4. A method of requesting resources in a communications network with minimal latency, said method comprising the steps of:
(a) transmitting a request packet forward in a path from a source node through at least one intermediate node towards a destination node and backwards in the path, said nodes coupled by respective links and said request packet containing a request for resources to complete a requested transmission along the path to the destination node;
(b) comparing the request for resources in the request packet sent forward in the path to the available resources of a selected link in the path and (1) decreasing the available resources of the selected link by the request for resources in the request packet and sending the request packet forward in the path when the available resources of the selected link is at least equal to the request for resources and (2) modifying the request for resources in the request packet to zero to form a modified request packet and sending the modified request packet backward in the path when the available resources of the selected link is less than the request for resources; and
(c) increasing the available resources of a selected link by the difference between the request for resources in the modified request packet sent backwards in the path and amount of resources previously reserved for this request packet.
5. A method of requesting resources in a communications network with minimal latency, said method comprising the steps of:
(a) transmitting a request packet in a path from a source node through at least one intermediate node towards a destination node, said nodes coupled by respective links and said request packet containing a minimum request for resources and a desired request for resources to complete a requested transmission along the path to the destination node where the desired request for resources is greater than or equal to the minimum request for resources; and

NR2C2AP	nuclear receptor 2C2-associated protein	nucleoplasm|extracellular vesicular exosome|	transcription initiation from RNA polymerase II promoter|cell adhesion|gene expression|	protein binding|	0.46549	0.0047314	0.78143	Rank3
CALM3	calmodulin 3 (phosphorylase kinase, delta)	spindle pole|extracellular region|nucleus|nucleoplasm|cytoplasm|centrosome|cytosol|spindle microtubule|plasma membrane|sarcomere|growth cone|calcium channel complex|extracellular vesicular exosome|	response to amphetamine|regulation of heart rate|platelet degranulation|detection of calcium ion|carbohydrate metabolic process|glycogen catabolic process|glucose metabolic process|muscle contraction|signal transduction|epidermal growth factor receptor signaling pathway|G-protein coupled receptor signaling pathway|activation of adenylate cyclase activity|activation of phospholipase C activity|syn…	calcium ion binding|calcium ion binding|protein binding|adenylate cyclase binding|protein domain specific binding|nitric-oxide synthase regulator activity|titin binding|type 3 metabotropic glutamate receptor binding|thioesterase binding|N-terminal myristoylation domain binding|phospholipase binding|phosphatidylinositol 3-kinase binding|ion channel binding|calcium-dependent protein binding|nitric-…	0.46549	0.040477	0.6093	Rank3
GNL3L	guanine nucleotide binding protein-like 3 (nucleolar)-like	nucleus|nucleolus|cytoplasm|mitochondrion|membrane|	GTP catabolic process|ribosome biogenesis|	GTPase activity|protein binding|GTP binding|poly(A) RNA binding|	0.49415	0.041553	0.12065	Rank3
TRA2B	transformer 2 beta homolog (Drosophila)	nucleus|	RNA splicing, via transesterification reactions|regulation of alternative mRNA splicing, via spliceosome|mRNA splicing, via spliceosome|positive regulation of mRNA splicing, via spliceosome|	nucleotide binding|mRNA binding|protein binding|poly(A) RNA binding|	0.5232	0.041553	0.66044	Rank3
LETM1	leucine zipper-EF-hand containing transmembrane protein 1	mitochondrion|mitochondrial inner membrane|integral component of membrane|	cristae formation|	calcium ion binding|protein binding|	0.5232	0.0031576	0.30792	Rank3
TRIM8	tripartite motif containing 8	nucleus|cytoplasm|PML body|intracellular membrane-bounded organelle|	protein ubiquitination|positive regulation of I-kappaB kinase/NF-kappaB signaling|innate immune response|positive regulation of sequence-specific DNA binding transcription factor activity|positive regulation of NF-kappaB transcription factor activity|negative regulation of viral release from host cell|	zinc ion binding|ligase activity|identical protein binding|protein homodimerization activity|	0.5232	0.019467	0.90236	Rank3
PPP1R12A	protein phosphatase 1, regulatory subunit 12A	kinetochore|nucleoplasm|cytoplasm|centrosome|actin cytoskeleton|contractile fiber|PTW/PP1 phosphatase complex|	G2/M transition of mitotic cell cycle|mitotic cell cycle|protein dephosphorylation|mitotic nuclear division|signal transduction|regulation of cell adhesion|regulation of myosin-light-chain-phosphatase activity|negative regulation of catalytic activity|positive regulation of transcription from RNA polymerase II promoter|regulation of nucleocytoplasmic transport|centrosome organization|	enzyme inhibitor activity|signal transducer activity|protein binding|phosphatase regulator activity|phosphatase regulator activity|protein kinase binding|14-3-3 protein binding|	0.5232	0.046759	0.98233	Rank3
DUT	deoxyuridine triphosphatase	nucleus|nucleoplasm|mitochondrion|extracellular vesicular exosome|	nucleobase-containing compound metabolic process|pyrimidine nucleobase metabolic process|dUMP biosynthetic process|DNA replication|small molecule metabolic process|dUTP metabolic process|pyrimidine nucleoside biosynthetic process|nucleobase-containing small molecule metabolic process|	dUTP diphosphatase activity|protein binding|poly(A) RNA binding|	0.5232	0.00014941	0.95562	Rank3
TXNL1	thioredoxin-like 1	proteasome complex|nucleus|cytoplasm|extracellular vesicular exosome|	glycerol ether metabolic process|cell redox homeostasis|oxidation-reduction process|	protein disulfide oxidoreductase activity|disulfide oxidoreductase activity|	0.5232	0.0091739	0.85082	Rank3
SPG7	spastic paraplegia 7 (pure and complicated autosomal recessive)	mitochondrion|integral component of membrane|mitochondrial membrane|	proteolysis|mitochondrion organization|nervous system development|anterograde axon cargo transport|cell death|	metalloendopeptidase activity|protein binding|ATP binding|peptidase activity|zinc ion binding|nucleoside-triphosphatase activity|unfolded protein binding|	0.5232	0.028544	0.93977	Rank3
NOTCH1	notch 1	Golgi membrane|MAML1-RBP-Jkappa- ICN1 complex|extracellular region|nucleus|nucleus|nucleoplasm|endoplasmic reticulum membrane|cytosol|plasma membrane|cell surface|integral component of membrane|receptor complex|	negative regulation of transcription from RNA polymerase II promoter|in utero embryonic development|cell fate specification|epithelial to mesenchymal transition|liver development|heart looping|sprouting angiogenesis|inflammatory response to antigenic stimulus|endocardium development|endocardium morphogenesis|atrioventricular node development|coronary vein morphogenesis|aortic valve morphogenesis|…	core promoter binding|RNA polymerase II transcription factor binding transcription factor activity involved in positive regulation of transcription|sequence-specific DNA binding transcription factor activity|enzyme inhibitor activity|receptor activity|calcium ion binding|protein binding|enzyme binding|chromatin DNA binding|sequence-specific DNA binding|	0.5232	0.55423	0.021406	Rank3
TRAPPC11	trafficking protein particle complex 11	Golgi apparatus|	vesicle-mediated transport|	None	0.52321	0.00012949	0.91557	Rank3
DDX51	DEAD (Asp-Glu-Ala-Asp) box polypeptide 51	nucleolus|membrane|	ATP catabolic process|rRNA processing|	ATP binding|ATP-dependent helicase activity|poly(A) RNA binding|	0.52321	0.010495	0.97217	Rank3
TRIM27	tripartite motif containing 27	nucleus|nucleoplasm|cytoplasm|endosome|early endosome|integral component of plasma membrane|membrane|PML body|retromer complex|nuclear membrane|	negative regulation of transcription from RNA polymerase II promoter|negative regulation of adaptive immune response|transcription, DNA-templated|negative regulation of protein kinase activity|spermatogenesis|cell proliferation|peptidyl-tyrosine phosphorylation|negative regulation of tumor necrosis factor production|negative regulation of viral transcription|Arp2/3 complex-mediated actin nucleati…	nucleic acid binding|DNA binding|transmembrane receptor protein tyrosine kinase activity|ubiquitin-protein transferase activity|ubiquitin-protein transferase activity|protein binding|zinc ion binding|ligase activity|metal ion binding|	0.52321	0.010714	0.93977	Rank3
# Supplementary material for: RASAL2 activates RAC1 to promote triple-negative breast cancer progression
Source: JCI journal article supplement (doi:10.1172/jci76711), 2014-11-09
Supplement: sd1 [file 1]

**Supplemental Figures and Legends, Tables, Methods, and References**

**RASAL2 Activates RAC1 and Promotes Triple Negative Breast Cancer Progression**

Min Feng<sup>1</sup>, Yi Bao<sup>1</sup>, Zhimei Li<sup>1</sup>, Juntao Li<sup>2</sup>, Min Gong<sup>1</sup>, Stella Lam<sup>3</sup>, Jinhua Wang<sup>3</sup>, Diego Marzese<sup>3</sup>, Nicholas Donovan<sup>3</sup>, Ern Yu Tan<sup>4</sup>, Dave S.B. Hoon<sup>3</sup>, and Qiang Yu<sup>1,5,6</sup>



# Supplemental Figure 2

(b) comparing the request for resources in the request packet to the available resources of a selected link in the path and (1) decreasing the available resources of the selected link by the desired request for resources in the request packet and sending the request packet forward in the path when the available resources of the selected link is at least equal to the desired request for resources, (2) decreasing the available resources of the selected link by the available resources of the selected link, modifying the desired request for resources in the request packet to the available resources of the selected link to form a modified request packet and sending the modified request packet forward in the path when the available resources of the selected link is at least equal to the minimum request for resources and less than the desired request for resources, and (3) modifying the request packet to form a modified request packet indicating that no resources are to be reserved for the request packet when the available resources of the selected link is less than the minimum request for resources and sending the modified request packet forward in the path.
6. A method of requesting resources in a communications network with minimal latency, said method comprising the steps of:
(a) transmitting a request packet forward in a path from a source node through at least one intermediate node towards a destination node and backwards in the path, said nodes coupled by respective links and said request packet containing a minimum request for resources and a desired request for resources to complete a requested transmission along the path to the destination node where the desired request for resources is greater than or equal to the minimum request for resources; and